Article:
Dec. 18, 2020
Reading time: 2 minutes, 21 seconds

The first year of college is a time for transition: new academic strategies, new friends and possibly entirely new living arrangements. Research abounds on this topic. But just as crucial is the second year of higher education. 

“Research on students’ experiences of their second year on campus has focused on broad concerns, such as declines in academic performance, uncertainty regarding majors and finding purpose,” observed Dr. Dena Kniess, associate professor of higher education administration and college student affairs in the University of West Georgia’s College of Education. “Limited attention has been given to the second-year experience for underrepresented student populations, specifically African American students.”

Dr. Dena Kniess

Kniess presented her research to a broad audience earlier today as part of a segment on “The Academic Minute,” a collaborative program from WAMC public radio in Albany, New York, and the Association of American Colleges & Universities.The Academic Minute” is a daily module featuring researchers from colleges and universities around the world, keeping listeners abreast of what’s new and exciting in the academy.

Five faculty members from UWG are “taking over” the program this week. To listen to Kniess’ segment, visit the program’s website.

Kniess was inspired to conduct this research based on her own experience as a first-generation college student trying to navigate the first and second years of college, which she referred to as challenging in terms of college major decisions and identified as a theme in the second-year experience.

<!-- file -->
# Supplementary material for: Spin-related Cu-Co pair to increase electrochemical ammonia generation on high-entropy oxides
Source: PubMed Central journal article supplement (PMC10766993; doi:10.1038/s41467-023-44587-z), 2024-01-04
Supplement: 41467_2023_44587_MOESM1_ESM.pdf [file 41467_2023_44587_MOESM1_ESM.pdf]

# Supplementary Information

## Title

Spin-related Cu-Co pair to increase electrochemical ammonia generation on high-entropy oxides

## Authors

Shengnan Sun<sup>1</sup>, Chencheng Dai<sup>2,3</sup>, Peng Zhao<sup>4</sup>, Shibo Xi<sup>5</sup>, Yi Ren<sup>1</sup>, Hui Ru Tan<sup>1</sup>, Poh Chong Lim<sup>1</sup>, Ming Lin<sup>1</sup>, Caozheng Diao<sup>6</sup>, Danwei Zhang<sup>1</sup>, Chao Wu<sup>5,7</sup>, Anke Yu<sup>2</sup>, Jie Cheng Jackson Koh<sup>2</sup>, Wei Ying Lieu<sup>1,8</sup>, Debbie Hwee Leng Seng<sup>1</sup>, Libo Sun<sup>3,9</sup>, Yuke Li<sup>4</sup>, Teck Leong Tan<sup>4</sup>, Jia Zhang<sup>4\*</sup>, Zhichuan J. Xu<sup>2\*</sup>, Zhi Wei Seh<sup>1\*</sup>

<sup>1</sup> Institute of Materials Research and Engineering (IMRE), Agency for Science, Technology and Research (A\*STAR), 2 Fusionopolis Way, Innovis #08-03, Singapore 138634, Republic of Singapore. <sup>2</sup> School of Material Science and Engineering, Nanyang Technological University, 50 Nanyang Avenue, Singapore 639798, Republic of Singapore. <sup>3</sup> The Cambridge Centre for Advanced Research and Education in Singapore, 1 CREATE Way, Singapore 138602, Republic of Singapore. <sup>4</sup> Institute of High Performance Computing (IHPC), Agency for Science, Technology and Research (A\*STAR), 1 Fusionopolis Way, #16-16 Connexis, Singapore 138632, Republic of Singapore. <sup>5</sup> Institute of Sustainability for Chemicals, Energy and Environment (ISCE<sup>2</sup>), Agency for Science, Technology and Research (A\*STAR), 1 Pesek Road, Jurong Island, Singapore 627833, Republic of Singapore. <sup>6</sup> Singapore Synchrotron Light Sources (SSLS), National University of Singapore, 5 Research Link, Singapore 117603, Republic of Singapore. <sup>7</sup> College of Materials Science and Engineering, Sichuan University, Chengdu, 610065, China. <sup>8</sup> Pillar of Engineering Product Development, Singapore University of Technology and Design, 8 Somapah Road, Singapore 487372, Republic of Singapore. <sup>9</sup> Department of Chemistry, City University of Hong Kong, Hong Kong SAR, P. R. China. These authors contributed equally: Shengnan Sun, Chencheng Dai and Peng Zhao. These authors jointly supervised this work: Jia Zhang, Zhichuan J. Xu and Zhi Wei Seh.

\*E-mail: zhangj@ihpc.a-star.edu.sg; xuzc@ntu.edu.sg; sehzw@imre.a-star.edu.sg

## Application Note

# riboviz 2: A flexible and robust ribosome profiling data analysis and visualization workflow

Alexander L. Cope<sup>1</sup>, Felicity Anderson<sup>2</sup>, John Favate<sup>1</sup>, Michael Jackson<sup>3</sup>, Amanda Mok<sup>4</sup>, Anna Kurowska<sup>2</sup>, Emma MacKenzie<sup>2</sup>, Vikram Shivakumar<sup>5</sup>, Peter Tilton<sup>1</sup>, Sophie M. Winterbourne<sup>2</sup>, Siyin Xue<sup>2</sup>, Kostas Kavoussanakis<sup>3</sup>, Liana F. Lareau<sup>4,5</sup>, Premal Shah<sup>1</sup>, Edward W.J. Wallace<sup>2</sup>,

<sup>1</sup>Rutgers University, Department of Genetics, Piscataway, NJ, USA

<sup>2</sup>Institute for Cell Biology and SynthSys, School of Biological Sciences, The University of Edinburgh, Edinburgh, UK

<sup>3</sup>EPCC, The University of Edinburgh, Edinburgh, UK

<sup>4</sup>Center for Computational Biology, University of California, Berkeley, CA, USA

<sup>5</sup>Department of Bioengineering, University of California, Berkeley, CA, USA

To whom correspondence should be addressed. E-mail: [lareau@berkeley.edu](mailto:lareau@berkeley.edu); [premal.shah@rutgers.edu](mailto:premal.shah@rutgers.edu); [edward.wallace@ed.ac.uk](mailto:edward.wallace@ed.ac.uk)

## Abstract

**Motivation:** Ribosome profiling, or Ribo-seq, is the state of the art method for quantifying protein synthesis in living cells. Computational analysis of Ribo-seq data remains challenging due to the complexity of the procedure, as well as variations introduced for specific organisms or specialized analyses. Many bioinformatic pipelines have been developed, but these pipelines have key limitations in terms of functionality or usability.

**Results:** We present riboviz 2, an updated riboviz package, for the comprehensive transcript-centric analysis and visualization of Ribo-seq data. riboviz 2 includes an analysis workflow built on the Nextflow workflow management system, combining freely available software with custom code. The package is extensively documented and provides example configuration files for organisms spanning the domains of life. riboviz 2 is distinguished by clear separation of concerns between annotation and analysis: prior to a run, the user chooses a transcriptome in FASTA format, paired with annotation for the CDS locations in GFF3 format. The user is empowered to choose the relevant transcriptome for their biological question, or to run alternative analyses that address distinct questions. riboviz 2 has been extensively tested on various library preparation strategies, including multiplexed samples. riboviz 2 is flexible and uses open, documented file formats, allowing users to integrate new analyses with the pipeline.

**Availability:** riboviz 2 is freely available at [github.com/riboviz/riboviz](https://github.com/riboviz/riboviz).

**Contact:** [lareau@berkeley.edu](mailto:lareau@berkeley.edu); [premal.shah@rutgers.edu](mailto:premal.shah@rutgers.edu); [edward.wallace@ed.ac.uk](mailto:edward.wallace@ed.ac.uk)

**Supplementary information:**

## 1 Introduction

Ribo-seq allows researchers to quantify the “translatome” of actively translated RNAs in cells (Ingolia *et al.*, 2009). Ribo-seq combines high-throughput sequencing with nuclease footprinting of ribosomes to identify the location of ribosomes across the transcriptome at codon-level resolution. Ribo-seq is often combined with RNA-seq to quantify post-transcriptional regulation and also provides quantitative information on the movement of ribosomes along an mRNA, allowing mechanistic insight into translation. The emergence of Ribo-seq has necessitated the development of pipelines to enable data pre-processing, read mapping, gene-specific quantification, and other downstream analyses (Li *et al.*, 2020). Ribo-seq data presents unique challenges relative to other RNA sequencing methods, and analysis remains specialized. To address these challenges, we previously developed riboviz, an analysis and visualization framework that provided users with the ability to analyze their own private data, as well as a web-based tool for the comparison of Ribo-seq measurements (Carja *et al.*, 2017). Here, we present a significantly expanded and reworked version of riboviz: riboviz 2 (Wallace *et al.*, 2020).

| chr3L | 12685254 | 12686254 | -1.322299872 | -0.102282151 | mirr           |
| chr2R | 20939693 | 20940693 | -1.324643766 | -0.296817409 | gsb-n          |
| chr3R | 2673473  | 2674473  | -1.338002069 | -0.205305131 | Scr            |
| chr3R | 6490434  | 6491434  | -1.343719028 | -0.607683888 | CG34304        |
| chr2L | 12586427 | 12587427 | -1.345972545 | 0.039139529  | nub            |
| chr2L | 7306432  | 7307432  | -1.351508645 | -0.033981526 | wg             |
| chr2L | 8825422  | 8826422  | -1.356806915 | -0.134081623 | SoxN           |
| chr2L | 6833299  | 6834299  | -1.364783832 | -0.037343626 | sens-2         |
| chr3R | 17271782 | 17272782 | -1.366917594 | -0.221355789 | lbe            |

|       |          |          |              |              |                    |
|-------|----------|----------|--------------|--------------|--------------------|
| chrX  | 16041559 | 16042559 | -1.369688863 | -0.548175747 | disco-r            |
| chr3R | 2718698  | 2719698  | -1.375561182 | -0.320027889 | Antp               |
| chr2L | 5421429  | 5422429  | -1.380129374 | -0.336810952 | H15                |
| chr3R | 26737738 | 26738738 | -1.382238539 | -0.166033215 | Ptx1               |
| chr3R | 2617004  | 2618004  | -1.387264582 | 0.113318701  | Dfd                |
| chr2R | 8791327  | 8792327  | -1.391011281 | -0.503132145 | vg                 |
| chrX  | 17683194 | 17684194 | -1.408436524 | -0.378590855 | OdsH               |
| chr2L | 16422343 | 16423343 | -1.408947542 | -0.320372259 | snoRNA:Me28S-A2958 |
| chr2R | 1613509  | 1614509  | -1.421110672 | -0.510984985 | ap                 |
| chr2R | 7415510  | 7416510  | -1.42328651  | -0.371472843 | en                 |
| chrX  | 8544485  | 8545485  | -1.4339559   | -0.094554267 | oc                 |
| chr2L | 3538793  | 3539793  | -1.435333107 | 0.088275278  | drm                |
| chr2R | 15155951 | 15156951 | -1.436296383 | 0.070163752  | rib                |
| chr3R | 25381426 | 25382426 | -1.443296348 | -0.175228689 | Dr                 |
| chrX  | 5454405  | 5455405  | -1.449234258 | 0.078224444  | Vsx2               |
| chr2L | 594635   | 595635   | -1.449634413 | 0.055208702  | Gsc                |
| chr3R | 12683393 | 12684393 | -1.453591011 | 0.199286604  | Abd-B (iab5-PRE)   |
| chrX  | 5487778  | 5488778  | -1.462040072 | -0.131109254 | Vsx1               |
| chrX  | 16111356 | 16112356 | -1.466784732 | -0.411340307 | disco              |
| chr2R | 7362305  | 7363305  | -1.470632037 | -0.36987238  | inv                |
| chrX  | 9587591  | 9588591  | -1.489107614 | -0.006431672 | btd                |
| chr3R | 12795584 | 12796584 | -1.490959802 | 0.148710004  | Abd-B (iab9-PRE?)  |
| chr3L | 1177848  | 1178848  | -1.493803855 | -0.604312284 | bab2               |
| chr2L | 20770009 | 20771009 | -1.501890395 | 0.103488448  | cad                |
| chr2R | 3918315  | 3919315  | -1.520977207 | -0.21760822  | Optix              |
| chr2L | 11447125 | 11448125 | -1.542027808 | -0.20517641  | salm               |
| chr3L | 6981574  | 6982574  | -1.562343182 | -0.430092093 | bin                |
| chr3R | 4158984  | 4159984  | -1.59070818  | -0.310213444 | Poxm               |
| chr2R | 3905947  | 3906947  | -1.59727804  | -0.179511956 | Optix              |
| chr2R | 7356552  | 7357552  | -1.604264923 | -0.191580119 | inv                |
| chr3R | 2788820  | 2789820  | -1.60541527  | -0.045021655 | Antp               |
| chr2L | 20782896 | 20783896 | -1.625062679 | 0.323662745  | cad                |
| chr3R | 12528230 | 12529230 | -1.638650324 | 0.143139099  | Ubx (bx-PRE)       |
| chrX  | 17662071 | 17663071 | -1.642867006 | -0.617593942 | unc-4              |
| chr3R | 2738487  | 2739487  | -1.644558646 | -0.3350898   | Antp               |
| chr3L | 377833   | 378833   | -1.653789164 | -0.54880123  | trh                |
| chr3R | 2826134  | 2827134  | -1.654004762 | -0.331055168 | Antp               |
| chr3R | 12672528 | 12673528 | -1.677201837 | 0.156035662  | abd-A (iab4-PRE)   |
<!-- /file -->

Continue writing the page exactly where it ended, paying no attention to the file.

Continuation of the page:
“I wanted to focus on the second year of college for underrepresented college students, specifically with regard to race and ethnicity, as prior studies have focused on a predominantly white student population,” she explained. “Theories on college student retention have focused on students’ ability to integrate into the values and norms of the college environment. For underrepresented college students on predominantly White institutions (PWI), integrating oneself into the college environment implies shedding or leaving behind one’s racial and/or ethnic identity to successfully move through college.”

For this case study, Kniess identified African American students in their second year of college using Yosso’s Community of Cultural Wealth model from 2005. This model examines six forms of cultural capital: aspirational, linguistic, familial, social, navigational and resistant. Overall, students described their second year more positively than their first. 

“Students indicated the importance of peer networks, specifically African American peers, in providing the social capital and peer support to navigate a PWI. Peer mentoring networks and living-learning communities designed for African American students were identified as avenues providing crucial social support as they weighed whether or not to return to this PWI.”

Kniess said her future research will follow a similar – but broader – path.

“One of my research interests is college student access as a whole,” she concluded. “My future research will still involve success for underrepresented students and campus climate, but it will not focus specifically on the second year.”